HT: Powerline


Summer Symposium

Kathryn Lopez at National Review Online distributed a number of questions on books, movies and politics to some of the folks at NRO, and their responses are posted here.

These are the questions, and though I was not invited to participate in the symposium (an oversight on their part, I'm sure), just for fun I'll supply my answers to them anyway:

What's the best political novel you've ever read? Why is it the best? I read Advise and Consent so long ago I can't remember anything about it other than it inspired me to pursue a career in politics. The inspiration subsided after a couple of days. Since then maybe 1984 is the best, because it paints such a chilling, dreary picture of the world as the left would make it.

If there were only one book on conservatism you could recommend to a newcomer, what would it be and why? The Conservative Mind by Russell Kirk because it gives such a masterful overview of the history of conservative thought. If Kirk's tome is a little bit daunting I'd probably recommend Barry Goldwater's Conscience of a Conservative.

Is there one book that you'd recommend to uplift and inspire depressed conservatives this summer? Perhaps Michael Gerson's Heroic Conservatism, but in truth it would take more than a book to uplift conservatives faced with having to vote in November for John McDole and faced with the prospect of at least four years of an Obama presidency. That's depression for which there is no anodyne.

What's your favorite WFB book and why? All the Buckley books I've read I read decades ago and can't recall which of them, if any, was my favorite. I do know that I never read a Buckley book I didn't enjoy.

What's your favorite political movie and why? Man for All Seasons featuring Paul Scofield is my second choice. My first selection is The Lives of Others. It's a film everyone should see who wants to understand the sort of world to which leftist ideas logically leads. It's a great movie with lots of drama and redemption.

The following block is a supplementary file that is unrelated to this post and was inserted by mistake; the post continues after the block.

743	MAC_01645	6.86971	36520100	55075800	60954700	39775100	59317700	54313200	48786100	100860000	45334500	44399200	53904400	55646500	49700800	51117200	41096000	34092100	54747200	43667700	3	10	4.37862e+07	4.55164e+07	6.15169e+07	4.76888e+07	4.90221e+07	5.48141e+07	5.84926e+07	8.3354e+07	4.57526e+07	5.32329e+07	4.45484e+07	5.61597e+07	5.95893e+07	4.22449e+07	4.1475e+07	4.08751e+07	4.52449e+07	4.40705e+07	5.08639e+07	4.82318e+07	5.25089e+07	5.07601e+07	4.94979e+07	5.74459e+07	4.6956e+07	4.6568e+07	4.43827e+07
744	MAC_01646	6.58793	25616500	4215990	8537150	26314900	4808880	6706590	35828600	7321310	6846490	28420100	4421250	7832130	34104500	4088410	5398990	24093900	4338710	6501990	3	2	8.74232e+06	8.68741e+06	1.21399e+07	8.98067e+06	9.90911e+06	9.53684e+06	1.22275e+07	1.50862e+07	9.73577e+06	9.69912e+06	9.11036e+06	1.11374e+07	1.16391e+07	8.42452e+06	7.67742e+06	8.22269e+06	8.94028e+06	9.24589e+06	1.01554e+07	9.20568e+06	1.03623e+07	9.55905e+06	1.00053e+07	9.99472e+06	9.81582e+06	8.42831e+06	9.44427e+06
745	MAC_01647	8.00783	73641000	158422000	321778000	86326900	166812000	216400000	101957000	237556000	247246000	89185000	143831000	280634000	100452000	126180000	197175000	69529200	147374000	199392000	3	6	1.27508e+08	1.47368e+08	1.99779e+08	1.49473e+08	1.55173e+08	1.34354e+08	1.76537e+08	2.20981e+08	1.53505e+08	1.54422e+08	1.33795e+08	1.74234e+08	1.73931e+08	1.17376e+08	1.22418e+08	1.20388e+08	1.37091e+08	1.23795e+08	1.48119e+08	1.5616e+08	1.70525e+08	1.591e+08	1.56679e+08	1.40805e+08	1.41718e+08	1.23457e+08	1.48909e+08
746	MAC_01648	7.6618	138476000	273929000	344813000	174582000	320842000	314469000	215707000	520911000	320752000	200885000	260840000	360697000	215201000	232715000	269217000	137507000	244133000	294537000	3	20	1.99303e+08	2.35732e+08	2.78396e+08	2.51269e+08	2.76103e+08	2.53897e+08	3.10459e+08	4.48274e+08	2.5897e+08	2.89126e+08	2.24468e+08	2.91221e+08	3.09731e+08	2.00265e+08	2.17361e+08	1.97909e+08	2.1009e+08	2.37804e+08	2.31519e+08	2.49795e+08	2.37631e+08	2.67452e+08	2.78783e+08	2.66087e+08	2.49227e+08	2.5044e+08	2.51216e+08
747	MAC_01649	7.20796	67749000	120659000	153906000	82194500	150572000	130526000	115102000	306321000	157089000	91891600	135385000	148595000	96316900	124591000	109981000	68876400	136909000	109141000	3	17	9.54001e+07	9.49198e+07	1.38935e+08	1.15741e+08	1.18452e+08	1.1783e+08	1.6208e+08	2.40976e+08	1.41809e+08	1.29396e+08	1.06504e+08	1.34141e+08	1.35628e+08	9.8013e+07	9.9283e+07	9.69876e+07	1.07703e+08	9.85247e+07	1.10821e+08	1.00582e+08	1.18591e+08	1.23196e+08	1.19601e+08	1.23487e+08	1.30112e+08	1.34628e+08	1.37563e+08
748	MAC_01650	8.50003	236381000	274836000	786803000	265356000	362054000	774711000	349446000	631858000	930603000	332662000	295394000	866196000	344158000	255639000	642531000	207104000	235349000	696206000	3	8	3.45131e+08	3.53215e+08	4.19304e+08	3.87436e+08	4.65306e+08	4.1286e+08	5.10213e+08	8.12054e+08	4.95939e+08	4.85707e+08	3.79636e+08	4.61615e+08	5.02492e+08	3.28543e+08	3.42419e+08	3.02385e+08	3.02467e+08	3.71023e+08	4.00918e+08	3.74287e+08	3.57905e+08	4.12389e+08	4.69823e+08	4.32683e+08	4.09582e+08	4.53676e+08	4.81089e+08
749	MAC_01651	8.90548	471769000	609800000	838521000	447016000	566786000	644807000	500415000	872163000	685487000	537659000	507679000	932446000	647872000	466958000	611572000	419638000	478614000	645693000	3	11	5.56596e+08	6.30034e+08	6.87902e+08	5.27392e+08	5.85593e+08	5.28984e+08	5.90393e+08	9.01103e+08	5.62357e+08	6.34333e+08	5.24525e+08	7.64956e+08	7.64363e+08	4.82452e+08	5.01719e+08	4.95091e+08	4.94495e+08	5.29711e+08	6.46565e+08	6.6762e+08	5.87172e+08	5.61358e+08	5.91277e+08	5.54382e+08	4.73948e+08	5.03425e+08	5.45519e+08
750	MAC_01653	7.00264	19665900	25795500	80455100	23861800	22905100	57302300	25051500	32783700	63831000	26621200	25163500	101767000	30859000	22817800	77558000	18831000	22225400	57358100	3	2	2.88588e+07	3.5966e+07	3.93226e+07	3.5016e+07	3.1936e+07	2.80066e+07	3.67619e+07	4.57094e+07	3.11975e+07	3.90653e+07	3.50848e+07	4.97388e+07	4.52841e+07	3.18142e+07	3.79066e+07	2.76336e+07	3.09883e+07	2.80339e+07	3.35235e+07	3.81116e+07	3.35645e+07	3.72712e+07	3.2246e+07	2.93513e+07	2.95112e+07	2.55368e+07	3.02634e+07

If you could read or reread one classic this summer, what would it be? What are the odds you actually do? Well, it's not a reread, and I'm embarrassed to say that I've never read it before, but I recently started Tolstoy's War and Peace. I expect to have it finished by the summer of 2010.

Is there any recent book that's made you want to buy copies for everyone you know and love? Did you actually make the purchases? I actually did buy copies of Boys Adrift by Leonard Sax for my son and daughter who have children of their own. Two other recent books I'd be willing to buy for people are Tim Keller's Reason for God, and Jonah Goldberg's Liberal Fascism. Unfortunately, I have very little success getting people to read books I recommend to them so I haven't bought either of these for anyone. Yet.

Are there any summer movies you're looking forward to? I'm hearing interesting things about The Dark Knight, so I might see that. It's not a summer movie, I guess, but I do recommend Bellah for anyone looking for a wonderful film about real people.

Would you rather listen to John McCain's convention speech or read Dick Morris's new book? I'd rather be assured that John McCain was reading Dick Morris' new book.

Name one book we're going to be shocked you read. The Devil Wears Prada. I read it for a book club I was in. In my defense I should mention that I never finished it.

Thanks to Jason for passing on the link.


Supporting the Troops

The MSNBC website tells us that:

"During his trip as part of the CODEL to Afghanistan and Iraq, Senator Obama visited the combat support hospital in the Green Zone in Baghdad and had a number of other visits with the troops," Obama strategist Robert Gibbs said in a statement. "For the second part of his trip, the senator wanted to visit the men and women at Landstuhl Regional Medical Center to express his gratitude for their service and sacrifice. The senator decided out of respect for these servicemen and women that it would be inappropriate to make a stop to visit troops at a U.S. military facility as part of a trip funded by the campaign."

A U.S. military official tells NBC News they were making preparations for Sen. Barack Obama to visit wounded troops at the Landstuhl Medical Center at Ramstein, Germany on Friday, but "for some reason the visit was called off."